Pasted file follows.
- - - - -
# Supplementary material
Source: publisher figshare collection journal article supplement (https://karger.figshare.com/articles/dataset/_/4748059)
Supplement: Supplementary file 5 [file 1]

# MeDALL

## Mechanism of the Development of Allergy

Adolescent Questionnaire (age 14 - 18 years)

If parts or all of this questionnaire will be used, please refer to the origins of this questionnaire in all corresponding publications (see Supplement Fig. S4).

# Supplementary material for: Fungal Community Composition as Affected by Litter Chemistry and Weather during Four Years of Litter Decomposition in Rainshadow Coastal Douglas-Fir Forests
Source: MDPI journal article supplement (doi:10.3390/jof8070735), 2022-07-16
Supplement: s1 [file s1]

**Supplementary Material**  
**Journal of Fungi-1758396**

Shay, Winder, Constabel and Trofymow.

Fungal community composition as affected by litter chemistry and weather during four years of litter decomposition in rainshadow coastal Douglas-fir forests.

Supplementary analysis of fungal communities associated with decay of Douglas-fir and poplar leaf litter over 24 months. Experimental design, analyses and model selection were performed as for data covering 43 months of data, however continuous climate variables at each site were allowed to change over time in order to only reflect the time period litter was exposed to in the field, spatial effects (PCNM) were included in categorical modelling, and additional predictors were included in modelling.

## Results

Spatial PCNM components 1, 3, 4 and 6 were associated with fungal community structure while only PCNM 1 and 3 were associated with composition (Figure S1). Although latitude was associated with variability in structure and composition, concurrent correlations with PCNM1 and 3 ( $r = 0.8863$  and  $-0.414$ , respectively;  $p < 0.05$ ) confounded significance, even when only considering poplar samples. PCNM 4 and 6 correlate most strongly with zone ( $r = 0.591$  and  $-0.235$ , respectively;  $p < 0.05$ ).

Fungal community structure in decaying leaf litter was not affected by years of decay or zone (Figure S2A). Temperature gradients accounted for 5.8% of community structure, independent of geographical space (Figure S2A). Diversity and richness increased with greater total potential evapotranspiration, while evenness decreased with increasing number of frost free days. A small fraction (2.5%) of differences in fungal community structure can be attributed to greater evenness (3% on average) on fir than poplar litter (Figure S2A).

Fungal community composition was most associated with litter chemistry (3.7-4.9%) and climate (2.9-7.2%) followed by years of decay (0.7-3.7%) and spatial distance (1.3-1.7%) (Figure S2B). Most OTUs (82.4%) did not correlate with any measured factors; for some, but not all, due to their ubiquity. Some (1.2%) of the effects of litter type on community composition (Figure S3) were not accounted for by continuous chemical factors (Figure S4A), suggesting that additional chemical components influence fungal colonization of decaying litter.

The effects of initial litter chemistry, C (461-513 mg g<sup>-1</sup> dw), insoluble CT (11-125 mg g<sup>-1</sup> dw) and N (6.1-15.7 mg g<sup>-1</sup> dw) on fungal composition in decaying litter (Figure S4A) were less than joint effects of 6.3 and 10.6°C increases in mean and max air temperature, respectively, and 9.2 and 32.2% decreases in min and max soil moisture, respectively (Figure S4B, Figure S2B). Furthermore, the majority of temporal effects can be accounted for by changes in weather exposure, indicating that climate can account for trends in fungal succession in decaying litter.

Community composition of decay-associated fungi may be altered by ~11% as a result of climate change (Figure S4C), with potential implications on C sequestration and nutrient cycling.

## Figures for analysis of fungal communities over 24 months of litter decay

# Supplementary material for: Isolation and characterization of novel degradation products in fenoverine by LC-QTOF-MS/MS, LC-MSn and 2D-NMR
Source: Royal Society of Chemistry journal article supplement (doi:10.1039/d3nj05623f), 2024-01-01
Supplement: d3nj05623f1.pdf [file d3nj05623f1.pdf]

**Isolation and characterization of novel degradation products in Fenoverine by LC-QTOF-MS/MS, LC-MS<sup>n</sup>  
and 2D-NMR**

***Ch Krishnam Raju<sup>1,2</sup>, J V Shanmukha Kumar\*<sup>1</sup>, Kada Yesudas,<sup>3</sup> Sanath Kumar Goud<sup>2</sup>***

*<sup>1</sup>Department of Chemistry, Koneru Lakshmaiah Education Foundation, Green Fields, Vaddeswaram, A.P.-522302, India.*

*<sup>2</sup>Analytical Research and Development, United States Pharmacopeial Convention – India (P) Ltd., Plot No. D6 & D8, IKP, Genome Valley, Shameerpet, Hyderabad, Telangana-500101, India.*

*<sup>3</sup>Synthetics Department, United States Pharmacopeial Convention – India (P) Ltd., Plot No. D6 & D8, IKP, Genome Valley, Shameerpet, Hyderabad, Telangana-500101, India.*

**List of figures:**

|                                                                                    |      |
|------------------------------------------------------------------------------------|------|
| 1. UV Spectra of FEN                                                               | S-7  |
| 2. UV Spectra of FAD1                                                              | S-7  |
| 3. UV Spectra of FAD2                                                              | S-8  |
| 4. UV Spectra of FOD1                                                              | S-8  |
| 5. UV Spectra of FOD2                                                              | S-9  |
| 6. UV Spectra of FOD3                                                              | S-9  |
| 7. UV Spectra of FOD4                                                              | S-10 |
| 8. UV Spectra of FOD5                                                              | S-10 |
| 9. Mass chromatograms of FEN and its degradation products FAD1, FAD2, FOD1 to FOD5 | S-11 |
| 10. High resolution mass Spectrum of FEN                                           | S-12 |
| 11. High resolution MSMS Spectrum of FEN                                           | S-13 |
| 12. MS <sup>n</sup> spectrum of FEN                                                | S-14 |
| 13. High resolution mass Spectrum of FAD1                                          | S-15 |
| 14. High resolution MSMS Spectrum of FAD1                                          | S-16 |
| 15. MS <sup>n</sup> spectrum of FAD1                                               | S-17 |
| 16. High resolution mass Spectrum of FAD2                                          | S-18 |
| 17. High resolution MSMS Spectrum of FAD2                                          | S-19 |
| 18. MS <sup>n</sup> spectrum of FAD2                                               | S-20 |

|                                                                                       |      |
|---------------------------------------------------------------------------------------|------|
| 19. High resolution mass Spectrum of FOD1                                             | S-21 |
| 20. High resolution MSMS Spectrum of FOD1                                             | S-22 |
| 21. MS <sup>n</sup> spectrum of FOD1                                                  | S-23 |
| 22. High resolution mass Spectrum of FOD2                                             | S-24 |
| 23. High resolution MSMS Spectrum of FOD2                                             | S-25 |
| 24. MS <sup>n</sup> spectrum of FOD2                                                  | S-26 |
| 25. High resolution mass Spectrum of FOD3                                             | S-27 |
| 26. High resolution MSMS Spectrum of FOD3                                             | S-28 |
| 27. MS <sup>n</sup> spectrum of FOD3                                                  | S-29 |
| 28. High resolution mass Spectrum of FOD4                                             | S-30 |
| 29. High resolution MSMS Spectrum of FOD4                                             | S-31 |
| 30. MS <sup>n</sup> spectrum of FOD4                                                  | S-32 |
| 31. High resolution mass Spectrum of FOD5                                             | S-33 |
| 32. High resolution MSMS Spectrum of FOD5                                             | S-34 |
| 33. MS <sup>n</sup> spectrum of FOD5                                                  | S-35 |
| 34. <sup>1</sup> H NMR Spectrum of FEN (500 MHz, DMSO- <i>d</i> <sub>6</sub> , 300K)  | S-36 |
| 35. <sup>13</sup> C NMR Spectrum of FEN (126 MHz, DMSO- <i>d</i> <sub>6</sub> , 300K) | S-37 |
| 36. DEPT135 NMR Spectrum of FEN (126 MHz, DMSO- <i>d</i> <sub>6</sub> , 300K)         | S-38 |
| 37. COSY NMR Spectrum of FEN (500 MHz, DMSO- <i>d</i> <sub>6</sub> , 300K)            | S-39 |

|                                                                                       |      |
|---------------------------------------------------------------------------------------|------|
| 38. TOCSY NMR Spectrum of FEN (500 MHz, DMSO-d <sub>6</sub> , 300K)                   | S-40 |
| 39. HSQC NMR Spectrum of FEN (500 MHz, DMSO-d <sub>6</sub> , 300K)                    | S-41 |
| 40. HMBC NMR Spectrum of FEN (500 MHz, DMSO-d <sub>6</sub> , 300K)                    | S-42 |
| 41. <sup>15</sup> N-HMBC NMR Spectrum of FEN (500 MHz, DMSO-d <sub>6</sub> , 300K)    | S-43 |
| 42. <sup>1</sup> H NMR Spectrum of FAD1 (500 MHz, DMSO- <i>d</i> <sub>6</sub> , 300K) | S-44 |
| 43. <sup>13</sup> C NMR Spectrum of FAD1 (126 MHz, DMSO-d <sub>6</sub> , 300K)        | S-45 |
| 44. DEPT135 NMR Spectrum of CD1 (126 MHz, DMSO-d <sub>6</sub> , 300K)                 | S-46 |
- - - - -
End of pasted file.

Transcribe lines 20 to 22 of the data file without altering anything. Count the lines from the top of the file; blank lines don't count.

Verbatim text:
The effects of initial litter chemistry, C (461-513 mg g<sup>-1</sup> dw), insoluble CT (11-125 mg g<sup>-1</sup> dw) and N (6.1-15.7 mg g<sup>-1</sup> dw) on fungal composition in decaying litter (Figure S4A) were less than joint effects of 6.3 and 10.6°C increases in mean and max air temperature, respectively, and 9.2 and 32.2% decreases in min and max soil moisture, respectively (Figure S4B, Figure S2B). Furthermore, the majority of temporal effects can be accounted for by changes in weather exposure, indicating that climate can account for trends in fungal succession in decaying litter.

Community composition of decay-associated fungi may be altered by ~11% as a result of climate change (Figure S4C), with potential implications on C sequestration and nutrient cycling.

## Figures for analysis of fungal communities over 24 months of litter decay